How Will Self-Driving Cars Enable Access for Disabled Individuals?

AI technology in the automotive industry could be put to use enabling those with physical disabilities.

Self-driving cars certainly boast a cool factor, but for some, this type of technology means they could potentially lose the privilege and just plain old fun of driving. Yet while these autonomous technologies are expected to advance the automotive, shipping and logistics industries, self-driving car tech could seriously revolutionize the entire world for disabled individuals.

People with disabilities are restricted in terms of mobility and that means ultimately their freedom is limited. But if they could access self-driving vehicles built to accommodate their disabilities, differently-abled individuals could also increase their employment, social and recreational activities.

“Olli” at Your Service

Take, for instance, the recent news that IBM and Local Motors are loading an autonomous electric shuttle bus with technologies to address a range of disabilities. The technologies used on the bus are set to include augmented reality, artificial intelligence and smartphone apps that can help people with vision, hearing, physical and cognitive disabilities.

The IBM-Local Motors vehicles will be called “Olli”, and the vehicles are designed to travel at speeds below 35 miles per hour around neighborhoods. The companies are planning to sell them to cities, counties, airports, universities and private companies. Olli would not have a human drive, and it uses AI-enabled Watson technology to talk with passengers via both voice and text on a tablet. Production on the buses begins in summer 2018 and could be among the first self-driving vehicles in the U.S.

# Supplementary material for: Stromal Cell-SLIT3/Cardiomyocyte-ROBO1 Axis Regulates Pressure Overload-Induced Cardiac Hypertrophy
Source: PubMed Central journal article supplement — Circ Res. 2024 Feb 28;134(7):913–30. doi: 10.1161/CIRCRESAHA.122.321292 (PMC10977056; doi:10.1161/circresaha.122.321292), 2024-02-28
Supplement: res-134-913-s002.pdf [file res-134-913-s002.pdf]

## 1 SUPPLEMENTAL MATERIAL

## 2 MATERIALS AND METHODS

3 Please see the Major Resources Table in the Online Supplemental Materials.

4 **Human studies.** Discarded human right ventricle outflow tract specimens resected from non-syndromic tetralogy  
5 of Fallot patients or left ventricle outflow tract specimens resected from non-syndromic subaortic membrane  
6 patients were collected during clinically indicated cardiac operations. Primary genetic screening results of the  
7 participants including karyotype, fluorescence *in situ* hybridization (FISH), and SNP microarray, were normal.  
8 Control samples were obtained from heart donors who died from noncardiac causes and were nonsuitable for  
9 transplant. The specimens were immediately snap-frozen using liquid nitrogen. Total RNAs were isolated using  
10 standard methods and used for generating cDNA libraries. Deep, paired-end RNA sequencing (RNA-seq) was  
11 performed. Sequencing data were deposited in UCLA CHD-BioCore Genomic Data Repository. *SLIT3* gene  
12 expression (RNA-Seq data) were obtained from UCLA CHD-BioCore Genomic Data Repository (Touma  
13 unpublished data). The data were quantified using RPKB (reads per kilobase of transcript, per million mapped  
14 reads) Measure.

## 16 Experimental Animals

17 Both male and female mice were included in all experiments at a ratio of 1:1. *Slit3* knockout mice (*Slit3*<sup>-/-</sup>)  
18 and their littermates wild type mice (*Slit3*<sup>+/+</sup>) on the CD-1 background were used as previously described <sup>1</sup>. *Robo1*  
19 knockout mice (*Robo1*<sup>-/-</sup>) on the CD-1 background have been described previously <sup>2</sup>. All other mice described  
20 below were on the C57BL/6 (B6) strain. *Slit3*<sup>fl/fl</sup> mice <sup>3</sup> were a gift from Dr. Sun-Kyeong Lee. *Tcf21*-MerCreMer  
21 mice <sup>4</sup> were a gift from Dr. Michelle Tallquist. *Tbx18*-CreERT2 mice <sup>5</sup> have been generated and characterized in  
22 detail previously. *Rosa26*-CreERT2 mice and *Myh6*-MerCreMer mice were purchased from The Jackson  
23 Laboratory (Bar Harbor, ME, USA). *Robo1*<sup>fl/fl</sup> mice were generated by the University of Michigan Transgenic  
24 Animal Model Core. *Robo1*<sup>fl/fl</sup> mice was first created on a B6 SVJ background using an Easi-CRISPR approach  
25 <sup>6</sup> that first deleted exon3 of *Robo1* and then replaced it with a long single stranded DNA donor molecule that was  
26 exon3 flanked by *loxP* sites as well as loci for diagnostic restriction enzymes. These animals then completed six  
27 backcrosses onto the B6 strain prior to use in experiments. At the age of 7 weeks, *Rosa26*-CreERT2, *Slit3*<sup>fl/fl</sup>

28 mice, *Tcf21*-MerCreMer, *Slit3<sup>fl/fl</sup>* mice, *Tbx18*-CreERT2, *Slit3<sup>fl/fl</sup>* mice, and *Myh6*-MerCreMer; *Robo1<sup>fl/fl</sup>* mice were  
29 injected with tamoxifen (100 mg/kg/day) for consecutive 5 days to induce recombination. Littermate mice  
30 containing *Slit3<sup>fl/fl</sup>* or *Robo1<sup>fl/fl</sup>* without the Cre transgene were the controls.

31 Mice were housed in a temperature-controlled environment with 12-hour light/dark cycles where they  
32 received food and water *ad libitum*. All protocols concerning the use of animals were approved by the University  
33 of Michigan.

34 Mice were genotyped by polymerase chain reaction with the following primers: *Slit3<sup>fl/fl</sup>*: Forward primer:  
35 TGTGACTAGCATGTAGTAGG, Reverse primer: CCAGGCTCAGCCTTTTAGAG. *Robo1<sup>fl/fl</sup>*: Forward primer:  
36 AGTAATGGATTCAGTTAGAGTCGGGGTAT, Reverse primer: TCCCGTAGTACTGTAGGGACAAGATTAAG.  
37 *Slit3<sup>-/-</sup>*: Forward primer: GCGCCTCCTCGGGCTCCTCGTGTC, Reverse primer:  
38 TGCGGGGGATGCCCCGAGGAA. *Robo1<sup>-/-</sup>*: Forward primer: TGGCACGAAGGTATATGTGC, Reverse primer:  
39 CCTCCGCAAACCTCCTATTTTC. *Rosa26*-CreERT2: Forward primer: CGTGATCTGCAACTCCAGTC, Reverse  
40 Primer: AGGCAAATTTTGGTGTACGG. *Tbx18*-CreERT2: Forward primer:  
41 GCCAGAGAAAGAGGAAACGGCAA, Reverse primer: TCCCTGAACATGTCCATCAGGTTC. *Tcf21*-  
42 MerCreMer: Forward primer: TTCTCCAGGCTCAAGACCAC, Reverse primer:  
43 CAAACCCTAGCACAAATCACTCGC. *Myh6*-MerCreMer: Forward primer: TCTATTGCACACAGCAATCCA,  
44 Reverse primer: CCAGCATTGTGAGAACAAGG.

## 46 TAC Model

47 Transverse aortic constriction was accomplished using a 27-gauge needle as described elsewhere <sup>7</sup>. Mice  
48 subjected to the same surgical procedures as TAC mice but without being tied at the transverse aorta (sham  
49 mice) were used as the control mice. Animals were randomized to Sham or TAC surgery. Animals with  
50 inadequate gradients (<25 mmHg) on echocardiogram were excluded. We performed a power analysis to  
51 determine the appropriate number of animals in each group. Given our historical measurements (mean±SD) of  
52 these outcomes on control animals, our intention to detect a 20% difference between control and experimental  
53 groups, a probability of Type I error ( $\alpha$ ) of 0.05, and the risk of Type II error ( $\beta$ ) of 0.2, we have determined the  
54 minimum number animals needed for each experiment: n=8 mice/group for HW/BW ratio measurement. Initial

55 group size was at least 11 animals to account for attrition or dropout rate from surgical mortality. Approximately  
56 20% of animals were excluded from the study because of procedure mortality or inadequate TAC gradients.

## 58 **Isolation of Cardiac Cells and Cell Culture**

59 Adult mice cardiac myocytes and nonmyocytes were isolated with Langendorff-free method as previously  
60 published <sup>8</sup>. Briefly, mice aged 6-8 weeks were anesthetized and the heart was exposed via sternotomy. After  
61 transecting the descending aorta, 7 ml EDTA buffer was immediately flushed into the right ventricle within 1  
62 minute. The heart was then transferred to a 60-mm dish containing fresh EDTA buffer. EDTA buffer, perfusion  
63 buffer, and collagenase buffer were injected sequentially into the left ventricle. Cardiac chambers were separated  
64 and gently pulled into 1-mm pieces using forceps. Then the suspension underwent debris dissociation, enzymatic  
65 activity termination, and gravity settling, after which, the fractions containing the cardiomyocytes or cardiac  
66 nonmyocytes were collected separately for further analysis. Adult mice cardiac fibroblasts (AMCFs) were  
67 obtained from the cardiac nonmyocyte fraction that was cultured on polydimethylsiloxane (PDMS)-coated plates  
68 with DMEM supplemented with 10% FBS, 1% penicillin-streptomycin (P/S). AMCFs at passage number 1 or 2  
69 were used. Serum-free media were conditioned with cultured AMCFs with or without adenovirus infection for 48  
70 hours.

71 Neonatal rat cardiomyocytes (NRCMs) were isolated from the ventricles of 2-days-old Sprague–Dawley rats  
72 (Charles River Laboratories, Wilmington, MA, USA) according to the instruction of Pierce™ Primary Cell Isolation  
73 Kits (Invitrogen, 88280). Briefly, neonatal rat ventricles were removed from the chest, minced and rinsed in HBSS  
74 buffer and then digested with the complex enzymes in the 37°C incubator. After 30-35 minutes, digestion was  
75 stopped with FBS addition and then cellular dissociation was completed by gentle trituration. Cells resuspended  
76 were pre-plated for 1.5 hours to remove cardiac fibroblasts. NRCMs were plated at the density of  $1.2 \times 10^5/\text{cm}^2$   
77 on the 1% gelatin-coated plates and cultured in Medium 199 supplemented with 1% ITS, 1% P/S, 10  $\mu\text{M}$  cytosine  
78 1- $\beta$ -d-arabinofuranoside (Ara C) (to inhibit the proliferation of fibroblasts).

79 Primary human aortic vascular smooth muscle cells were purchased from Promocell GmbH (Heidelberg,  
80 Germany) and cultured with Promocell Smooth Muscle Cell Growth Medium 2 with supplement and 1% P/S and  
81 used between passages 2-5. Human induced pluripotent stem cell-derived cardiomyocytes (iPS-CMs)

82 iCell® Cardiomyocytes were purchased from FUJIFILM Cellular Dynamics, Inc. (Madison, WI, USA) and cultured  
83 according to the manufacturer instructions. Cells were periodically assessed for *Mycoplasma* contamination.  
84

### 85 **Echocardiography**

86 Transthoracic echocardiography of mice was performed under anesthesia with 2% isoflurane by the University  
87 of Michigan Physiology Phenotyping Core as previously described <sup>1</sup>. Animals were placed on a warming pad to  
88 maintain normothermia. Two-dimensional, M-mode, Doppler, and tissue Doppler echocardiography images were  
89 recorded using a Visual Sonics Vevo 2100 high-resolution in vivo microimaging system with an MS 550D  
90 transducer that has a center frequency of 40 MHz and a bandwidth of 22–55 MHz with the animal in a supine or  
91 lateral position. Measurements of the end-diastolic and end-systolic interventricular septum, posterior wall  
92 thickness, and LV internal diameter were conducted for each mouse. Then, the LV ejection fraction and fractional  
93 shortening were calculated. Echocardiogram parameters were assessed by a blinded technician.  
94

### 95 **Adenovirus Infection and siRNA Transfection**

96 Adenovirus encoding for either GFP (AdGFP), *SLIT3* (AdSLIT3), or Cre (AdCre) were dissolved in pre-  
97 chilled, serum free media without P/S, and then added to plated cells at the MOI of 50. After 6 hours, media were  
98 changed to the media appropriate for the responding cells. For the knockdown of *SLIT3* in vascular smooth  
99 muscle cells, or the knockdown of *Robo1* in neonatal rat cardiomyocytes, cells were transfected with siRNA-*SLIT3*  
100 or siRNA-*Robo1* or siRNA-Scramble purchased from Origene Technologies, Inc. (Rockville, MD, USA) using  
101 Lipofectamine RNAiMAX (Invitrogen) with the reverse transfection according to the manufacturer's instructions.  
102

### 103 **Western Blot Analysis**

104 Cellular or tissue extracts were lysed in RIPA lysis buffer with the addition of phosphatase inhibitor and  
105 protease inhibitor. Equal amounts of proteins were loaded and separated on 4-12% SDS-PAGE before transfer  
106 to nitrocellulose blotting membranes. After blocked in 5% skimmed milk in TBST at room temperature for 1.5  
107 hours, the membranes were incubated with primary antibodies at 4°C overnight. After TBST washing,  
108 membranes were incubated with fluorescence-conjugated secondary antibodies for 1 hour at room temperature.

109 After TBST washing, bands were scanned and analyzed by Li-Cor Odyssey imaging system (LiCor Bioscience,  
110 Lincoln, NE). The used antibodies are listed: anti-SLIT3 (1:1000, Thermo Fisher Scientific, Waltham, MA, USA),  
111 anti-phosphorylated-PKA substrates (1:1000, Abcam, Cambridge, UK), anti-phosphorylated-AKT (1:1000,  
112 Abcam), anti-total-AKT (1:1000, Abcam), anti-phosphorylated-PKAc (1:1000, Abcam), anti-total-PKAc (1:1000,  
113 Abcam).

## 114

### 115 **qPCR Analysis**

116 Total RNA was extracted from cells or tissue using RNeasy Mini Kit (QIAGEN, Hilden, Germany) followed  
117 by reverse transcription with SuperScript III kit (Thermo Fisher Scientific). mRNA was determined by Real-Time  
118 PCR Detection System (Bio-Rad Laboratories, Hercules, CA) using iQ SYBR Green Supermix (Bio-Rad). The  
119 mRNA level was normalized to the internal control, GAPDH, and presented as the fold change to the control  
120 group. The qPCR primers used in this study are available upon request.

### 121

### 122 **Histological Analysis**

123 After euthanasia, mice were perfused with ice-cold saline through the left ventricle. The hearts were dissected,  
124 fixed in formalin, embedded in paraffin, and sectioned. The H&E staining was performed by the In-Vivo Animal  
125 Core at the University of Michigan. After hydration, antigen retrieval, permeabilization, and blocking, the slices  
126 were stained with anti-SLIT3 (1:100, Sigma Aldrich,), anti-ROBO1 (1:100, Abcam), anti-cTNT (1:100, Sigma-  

Time for This Technology

While innovators work to deliver self-driving vehicles, researchers share how the technology could really change the world for disabled and elderly individuals. And recent research shows that not only is there a need for driverless cars for increased mobility, but that it can actually be a boon to the economy.

The Ruderman Family Foundation and Securing America’s Future Energy (SAFE) recently conducted a study and found that “despite those with disabilities representing almost 20 percent of the U.S. population, the most recent government survey indicated that six million individuals with a disability had difficulty getting the transportation they need.”

And in the report, the researchers estimate that removing mobility issues that self-driving cars could resolve would let 2 million people with disabilities get to work. The study also estimates that driverless vehicles could save nearly $20 billion in healthcare costs from circumstances such as missed appointments.

Vint Cerf, known as the father of the Internet, recently discussed the obligation of technology innovators to use their know-how to advance services and products for those with disabilities.

“It’s a crime that the most versatile device on the planet, the computer, has not adapted well to people who need help, who need assistive technology,” Cerf has been quoted as saying in an interview last month, according to a CNET article. “It’s almost criminal that programmers have not had their feet held to the fire to build interfaces that are accommodating for people with vision problems or hearing problems or motor problems.”

Denise Dubie
By Denise Dubie | April 27, 2017